But Family Guy, of course, is the complete opposite—even seemingly innocuous situations often get blown way out of proportion, and hopefully there's some humor to be found. Tonight's episode starts with Bonnie finally giving birth (guess that'll stop all those references to her years of pregnancy), which kick-starts two things. One, Joe needs money for the hospital bills, and winds up in trouble with a loan shark in the process. And two, Stewie falls madly in love with the new baby, and is determined to do whatever he can to woo her. Peter decides to help Joe out, first by selling spiked lemonade to little kids, then by going to Lois's dad and asking for the dough. When that fails, he and the crew plan a heist to steal the money directly from the source. Stewie, on the other hand, takes a less-direct approach with his mission, and proceeds to sit back and write songs/edit together a music video for his beloved.
Two memorable scenes come from these two storylines, one from each. The first is a version of the Christian Bale rant including Peter as the lighting guy. (Side note: This episode raised serious questions about the timeliness of when they're shot and written; obviously this scene had to be a last-minute addition, but what's with the Hannity and Colmes reference? Definitely dated, and definitely a less-funny use of Droopy Dog than The Daily Show did back when people still made fun of Lieberman.) The second is the screening of Stewie's music video, complete with Brian's forced "novel"-like line of questioning. Both are funny for a while, but go on way too long, plus raise the point again that many jokes on Family Guy are simply references, with minor tweaks to include show characters. The episode was fine—and included some pretty imaginative (sigh… here it comes) Quagmire penis gags—but those two scenes literally ate up seven to eight minutes of screen time that probably could have served the show better.
And now, an apology. When I started writing this column in the fall, I admitted I hadn't seen American Dad in a long time—and the first episode of the year wasn't a great one. So, I started lamenting the fact that this show was still around, and even went so far as to call it something of watered-down Family Guy knock-off. Many of you rushed to the show's defense, and it's taken me till now to truly understand what you were all saying. This show is, by far, the most consistently funny of the four; in fact, I'd go so far as to say Roger is my favorite character right now on any of the shows, with Steve clocking in at a close second. No matter what I say in this column, I enjoy all these shows and come each week hopeful they will succeed; that said, I'm finding myself really looking forward to American Dad lately.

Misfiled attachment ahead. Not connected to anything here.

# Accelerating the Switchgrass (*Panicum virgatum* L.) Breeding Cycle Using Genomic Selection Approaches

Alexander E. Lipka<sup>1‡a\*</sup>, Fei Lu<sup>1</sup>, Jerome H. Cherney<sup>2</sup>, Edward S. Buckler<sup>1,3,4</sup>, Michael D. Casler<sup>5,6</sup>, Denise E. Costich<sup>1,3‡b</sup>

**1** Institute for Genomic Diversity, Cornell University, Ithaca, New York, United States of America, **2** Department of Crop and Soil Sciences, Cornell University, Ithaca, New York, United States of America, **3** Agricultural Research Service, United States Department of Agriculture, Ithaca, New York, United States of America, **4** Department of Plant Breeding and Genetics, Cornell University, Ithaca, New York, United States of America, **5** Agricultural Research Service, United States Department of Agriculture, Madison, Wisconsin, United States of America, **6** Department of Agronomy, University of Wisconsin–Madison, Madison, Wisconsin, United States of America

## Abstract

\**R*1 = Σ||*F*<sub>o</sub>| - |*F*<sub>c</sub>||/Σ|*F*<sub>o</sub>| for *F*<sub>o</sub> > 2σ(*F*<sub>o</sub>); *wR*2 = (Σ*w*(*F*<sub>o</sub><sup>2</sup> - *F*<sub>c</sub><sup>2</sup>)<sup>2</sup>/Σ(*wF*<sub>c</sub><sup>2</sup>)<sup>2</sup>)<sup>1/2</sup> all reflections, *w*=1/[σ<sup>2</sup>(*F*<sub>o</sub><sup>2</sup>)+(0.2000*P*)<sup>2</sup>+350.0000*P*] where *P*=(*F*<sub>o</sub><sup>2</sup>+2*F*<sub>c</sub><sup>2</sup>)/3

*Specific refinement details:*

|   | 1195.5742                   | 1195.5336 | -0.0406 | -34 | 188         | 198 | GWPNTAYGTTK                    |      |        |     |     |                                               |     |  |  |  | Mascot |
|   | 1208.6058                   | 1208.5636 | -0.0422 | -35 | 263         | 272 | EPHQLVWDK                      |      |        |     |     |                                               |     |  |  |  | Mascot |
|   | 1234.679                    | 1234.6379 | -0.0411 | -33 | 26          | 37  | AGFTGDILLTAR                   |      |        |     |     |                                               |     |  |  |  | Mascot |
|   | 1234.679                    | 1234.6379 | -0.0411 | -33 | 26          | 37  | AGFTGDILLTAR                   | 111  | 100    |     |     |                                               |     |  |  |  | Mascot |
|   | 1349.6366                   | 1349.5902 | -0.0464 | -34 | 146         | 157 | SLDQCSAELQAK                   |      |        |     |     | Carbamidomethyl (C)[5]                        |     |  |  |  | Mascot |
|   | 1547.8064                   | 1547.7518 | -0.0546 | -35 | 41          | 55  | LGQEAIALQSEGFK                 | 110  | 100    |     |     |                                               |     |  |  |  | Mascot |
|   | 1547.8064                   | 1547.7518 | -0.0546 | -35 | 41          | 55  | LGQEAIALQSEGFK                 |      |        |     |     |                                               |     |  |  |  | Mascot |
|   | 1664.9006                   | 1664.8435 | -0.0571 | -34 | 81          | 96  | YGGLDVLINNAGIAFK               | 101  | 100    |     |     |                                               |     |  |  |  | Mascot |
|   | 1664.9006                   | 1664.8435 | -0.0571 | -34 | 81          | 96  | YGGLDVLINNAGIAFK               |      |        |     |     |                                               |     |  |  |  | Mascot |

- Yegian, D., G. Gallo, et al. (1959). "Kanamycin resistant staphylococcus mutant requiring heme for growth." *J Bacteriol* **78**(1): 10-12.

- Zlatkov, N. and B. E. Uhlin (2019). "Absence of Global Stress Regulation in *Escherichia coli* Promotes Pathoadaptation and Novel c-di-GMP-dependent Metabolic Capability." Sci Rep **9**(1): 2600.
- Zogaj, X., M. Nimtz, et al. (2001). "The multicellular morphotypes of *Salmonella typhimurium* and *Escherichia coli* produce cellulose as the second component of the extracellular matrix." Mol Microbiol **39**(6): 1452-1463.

As is the case with a lot of the late greats, tonight's American Dad focused on Roger-caliber shenanigans. The Smiths haven't been seeing a lot of Roger lately, due to his demanding rehearsal schedule for an upcoming play. So they decide to surprise the guy and show up to opening night. Well, the theater where the show is supposedly going down is all boarded up, and Stan smells something fishy (besides Klaus—hey-o!). A mysterious text leads them to Pizza Overlord, where they discover Roger hanging out with another family. Actually, he does this a lot, and it's not just one, but multiple other families who all think he's their own special little guy. This behavior traces back to the first family who ditched Roger—at a gas station, how cliché—and he decides to confront them so he can move on with his life.
What I like about American Dad is, even though the characters are simple enough, the writers know who they are. Roger is always doing something outlandish, but never seems to think anything strange of it—and constantly has to backpedal his reasoning to the rest of the family. Stan is sometimes detached and cold, but remains fiercely loyal—the scene where he struggles to restrain his joy in welcoming Roger back into the family is a great example. Steve, perhaps the savviest of them all, is the most upset that Roger would betray the family's love and/or call him by the wrong name—a name, at first, he loved. American Dad has given itself plenty of room to play, without resorting to over-the-top caricaturizations or reliance on countless supporting characters to bring in the funny. Keep on keepin' on, dudes.
The Simpsons "Take My Life, Please": C+
King Of The Hill "What Happens At The National Propane Gas Convention In Memphis Stays At The National Propane Gas Convention In Memphis": B-
Family Guy "Oceans Three And A Half": B-
American Dad "Family Affair": B+
- Don't remember the exact quote, but it was something like "I'm gonna tell that principal I know what he did last summer. 22 years ago. In winter."
- What did you guys think of the new Simpsons opening credits?